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It was obvious from the first time that I saw Randy "Macho Man' Savage on WWF television in 1985 that he was a special talent.

With his lean and muscular physique, exceptional wrestling skills, colorful robes, intense demeanor and gravelly voice, he looked, walked and talked like a professional wrestling superstar.

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Savage, who died today at 58 as the result of a car accident, did indeed go on to become one of the elite stars in the industry in the '80s and '90s, as well as one of the most recognizable wrestlers of all time. A six-time world champion, he became a household name, thanks in large part to his popular Slim Jim commercials.Perhaps no wrestler of his era possessed a better combination of speed, power, flying moves and charisma.

Savage (real name Randy Poffo), who was listed at 6 feet 2 and 237 pounds, was muscular enough that he looked like a legitimate threat to sculpted physical specimens such as Hulk Hogan and The Ultimate Warrior, but he also was a tremendously conditioned and skilled in-ring performer who could go hold for hold with the likes of Ricky Steamboat (whom Savage faced at WrestleMania III in 1987 in what is regarded as one of the best matches of all time), Ric Flair and Ted DiBiase.

When it came to talking on the microphone, Savage was truly one of a kind. His promos were often stream of consciousness and nonsensical, but the brilliance was in his delivery. He had the ability to be both funny and intense – sometimes simultaneously.

On a personal note, Savage was the first wrestler I ever interviewed for a story in The Baltimore Sun. The article, which I wrote in 1994, focused on Savage's minor-league baseball career. It was quite a thrill – and a bit surreal – to chat with "The Macho Man" face to face in the back room at a supermarket (he was doing an autograph signing at the store that day).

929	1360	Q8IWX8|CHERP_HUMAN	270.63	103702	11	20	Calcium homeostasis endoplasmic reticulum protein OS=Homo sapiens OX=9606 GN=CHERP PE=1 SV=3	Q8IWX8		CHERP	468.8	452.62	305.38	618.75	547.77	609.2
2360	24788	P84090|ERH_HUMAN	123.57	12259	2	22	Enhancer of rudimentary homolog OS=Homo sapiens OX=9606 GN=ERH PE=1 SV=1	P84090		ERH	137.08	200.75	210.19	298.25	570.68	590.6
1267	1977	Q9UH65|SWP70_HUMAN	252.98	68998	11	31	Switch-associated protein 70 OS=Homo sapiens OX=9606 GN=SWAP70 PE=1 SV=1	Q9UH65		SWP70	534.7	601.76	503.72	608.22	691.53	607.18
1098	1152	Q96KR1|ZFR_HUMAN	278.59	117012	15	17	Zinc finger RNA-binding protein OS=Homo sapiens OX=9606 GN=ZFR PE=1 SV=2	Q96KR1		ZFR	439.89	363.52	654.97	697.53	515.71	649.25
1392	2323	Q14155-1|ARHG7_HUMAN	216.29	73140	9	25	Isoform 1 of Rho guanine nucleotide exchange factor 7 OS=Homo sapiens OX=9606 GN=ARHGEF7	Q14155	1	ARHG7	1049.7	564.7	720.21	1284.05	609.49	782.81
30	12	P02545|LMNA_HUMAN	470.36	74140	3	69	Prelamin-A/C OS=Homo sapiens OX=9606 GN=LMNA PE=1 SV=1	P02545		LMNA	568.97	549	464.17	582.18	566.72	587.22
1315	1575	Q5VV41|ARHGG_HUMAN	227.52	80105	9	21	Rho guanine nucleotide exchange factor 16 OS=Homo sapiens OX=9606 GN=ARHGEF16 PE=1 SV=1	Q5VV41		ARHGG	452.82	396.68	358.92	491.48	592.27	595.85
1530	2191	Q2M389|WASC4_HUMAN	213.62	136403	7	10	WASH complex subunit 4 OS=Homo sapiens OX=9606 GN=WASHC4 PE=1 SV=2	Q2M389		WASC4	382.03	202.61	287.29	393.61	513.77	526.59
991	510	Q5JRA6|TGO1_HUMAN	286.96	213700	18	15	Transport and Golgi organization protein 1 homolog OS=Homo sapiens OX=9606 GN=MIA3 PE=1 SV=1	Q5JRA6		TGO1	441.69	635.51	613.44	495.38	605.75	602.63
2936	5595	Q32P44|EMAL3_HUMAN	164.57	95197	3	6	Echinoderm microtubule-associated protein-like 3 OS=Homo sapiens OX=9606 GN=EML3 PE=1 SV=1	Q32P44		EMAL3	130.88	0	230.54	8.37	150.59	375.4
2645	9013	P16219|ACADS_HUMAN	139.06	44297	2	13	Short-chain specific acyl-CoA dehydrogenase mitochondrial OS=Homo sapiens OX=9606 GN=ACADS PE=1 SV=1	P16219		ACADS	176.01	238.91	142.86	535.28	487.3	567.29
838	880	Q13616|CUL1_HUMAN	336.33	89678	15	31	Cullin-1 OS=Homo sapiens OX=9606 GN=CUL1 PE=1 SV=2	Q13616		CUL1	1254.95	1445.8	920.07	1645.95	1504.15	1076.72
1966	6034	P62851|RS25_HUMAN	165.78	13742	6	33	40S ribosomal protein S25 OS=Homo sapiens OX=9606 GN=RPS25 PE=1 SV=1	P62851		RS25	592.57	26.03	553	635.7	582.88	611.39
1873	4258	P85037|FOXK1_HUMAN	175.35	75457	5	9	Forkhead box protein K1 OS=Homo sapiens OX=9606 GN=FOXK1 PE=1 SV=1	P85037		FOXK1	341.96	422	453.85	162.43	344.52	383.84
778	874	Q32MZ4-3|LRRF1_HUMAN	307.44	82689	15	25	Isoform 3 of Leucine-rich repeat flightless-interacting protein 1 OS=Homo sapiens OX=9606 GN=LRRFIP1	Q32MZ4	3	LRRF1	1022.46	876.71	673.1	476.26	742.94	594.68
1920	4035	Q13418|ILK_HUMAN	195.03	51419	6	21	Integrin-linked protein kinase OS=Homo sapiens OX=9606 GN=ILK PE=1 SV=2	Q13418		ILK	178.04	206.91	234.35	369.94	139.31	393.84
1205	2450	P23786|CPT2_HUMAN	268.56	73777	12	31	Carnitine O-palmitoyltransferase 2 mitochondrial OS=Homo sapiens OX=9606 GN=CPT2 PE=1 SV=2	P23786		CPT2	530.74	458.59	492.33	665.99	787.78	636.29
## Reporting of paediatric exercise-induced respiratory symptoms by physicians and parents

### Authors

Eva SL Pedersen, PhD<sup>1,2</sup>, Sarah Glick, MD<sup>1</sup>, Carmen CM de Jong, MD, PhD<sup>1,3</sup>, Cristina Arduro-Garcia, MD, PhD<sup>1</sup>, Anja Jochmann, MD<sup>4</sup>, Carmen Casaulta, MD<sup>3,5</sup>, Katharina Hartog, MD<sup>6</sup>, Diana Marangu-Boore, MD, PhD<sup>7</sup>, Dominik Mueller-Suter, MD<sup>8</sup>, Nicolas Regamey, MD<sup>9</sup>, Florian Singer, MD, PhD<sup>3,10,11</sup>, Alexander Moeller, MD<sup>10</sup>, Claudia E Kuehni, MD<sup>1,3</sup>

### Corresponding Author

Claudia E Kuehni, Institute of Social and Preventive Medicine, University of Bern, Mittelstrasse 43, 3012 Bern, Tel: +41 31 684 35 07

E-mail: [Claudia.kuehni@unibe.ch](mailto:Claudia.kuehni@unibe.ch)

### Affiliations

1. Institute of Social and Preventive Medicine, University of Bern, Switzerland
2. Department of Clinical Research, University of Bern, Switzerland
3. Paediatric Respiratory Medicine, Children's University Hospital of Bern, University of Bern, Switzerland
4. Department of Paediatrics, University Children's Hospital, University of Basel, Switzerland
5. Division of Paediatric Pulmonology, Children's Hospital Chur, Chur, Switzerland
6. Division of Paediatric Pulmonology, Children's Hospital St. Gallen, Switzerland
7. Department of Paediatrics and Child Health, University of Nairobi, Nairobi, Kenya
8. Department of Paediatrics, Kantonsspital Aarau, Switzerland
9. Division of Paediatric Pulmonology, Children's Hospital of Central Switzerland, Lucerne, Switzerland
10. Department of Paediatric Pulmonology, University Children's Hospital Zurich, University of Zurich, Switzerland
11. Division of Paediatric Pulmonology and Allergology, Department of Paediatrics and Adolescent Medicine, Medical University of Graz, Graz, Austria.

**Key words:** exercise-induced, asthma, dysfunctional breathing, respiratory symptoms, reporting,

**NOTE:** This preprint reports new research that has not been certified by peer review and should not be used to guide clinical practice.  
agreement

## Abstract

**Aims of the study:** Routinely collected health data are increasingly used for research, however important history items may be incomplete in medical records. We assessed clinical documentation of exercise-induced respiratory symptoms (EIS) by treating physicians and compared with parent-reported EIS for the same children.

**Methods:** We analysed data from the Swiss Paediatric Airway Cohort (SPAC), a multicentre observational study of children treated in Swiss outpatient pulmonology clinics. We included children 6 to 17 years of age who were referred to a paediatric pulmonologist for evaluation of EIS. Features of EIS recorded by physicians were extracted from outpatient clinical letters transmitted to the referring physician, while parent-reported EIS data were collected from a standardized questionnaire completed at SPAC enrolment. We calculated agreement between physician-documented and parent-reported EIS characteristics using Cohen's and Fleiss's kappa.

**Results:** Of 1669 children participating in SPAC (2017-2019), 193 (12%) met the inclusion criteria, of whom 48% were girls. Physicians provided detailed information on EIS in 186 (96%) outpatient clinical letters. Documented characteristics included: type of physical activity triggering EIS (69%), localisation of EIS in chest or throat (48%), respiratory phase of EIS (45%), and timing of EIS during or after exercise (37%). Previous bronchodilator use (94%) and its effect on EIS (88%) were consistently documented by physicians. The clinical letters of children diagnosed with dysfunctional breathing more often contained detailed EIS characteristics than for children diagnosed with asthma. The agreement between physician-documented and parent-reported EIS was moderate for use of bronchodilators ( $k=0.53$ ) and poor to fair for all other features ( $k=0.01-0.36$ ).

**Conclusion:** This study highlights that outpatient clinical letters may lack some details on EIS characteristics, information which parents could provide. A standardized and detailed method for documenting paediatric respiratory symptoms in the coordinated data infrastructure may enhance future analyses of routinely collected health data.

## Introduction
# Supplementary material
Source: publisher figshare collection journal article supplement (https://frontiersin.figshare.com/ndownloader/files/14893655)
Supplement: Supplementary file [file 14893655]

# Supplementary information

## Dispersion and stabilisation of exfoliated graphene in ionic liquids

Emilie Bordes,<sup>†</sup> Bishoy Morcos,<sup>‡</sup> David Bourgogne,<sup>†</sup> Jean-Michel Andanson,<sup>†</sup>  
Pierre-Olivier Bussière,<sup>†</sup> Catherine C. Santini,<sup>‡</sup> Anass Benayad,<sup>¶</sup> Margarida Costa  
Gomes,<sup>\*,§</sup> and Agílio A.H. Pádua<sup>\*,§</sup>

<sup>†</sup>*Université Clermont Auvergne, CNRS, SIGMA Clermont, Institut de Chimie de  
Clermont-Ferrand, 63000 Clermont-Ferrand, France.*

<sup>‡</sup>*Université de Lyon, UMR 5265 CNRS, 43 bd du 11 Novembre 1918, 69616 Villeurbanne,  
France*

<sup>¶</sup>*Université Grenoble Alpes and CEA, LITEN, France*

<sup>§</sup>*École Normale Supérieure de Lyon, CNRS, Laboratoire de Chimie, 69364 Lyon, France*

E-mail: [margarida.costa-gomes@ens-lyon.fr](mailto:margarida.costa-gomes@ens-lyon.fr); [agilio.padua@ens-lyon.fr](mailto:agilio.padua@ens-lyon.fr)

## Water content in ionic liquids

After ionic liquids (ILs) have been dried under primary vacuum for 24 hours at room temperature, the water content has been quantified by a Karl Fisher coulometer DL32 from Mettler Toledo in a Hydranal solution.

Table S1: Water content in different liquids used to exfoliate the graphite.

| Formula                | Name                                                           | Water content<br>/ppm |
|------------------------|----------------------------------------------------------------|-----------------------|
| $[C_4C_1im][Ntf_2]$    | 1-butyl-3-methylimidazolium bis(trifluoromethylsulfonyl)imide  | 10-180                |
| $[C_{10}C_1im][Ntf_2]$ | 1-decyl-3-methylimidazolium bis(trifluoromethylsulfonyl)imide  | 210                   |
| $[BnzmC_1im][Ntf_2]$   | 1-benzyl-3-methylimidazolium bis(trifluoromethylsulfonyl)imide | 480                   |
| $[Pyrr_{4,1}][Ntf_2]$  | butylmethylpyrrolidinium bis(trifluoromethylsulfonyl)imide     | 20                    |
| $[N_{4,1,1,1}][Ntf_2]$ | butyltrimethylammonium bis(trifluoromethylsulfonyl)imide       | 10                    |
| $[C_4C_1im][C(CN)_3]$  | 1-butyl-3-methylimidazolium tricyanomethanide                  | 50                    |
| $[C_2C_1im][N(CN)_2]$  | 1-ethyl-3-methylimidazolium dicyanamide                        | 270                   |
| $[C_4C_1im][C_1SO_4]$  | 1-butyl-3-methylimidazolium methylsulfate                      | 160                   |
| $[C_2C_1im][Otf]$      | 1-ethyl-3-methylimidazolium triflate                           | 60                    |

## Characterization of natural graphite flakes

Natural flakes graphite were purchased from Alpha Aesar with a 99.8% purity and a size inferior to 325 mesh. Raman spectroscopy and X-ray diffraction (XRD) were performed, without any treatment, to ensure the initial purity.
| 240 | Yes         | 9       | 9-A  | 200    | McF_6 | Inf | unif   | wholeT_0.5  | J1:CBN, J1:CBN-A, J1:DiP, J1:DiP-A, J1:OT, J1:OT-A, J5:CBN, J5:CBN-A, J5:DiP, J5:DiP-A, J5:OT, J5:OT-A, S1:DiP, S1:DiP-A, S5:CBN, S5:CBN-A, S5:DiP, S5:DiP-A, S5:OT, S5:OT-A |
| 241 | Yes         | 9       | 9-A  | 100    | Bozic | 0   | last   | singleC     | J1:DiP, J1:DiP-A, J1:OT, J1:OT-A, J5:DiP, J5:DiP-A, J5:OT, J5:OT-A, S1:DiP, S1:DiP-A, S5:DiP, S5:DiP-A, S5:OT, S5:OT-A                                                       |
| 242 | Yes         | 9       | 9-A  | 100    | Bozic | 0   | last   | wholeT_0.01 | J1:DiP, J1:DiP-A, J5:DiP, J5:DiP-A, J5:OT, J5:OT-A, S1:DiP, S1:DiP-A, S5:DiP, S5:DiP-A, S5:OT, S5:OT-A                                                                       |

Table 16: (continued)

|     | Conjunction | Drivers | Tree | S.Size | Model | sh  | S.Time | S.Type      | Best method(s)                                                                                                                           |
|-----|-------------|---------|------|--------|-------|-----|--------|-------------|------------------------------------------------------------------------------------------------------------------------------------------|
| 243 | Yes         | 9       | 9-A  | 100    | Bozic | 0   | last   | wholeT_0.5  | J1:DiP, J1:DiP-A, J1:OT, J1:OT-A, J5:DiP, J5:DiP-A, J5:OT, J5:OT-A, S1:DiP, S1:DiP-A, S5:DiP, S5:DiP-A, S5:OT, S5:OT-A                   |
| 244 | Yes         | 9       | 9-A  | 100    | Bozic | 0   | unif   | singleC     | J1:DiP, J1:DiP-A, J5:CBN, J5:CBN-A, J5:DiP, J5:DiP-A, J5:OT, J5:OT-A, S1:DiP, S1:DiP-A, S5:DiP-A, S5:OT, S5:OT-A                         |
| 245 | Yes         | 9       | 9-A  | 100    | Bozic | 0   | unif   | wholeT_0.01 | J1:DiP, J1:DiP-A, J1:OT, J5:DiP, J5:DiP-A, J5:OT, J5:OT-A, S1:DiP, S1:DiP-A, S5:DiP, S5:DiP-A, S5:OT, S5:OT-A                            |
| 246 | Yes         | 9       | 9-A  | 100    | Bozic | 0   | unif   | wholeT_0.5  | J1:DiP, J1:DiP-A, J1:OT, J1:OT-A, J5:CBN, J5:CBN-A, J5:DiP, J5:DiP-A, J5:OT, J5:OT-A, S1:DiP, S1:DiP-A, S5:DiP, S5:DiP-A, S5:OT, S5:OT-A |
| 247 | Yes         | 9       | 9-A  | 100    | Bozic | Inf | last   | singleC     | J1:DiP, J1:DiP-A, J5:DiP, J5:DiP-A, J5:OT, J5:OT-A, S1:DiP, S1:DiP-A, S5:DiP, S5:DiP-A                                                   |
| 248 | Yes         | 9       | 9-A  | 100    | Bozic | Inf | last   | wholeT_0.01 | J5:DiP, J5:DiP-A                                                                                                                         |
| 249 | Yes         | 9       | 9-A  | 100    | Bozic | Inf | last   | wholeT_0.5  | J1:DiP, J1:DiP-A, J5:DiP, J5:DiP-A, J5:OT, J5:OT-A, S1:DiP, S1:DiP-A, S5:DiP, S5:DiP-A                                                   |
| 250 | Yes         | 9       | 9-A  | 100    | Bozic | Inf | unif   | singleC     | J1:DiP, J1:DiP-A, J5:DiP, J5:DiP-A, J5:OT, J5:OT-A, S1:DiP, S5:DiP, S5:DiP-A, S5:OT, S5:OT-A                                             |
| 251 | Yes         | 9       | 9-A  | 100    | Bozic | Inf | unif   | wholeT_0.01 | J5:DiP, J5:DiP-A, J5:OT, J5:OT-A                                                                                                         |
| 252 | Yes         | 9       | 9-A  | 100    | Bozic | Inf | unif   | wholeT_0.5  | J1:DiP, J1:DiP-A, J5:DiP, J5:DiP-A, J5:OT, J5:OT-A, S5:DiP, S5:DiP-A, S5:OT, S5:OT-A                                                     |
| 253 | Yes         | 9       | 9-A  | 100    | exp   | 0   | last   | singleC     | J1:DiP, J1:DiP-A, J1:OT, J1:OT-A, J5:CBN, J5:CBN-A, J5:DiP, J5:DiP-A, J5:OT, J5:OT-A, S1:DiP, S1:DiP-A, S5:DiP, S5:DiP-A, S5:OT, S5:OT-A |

Savage – who had made a name for himself in the Memphis and Kentucky territories before coming to the WWF – was presented as a big deal from the very beginning in Vince McMahon's promotion. Unlike just about every other heel to come through the WWF, Savage did not have a manager.

A story line developed in which there was a bidding war for his services, as all the top managers of the day such as Bobby Heenan, Jimmy Hart and Freddie Blassie made their pitch top land wrestling's hottest free agent. In the end, Savage rejected them all and introduced a beautiful, young woman known as Miss Elizabeth – Savage's real-life wife – as his manager.

Savage and Elizabeth became one of the most compelling acts in WWF/WWE history. The maniacal, ultra-possessive Savage generated incredible heat for his verbal abuse of the classy, demure Elizabeth, but he eventually turned babyface and joined forces with former rival Hogan as The Mega-Powers. Thanks to an assist from "The Hulkster," Savage defeated DiBiase in the finals of a tournament to crown a new WWF champion at WrestleMania IV in 1988.

That led to one of my favorite wrestling angles of all time, which played out over the course of a year.

While all seemed well with the Savage-Hogan-Elizabeth alliance on the surface, Savage – through subtle facial expressions – began to show concern over the friendship that had developed between Hogan and Elizabeth.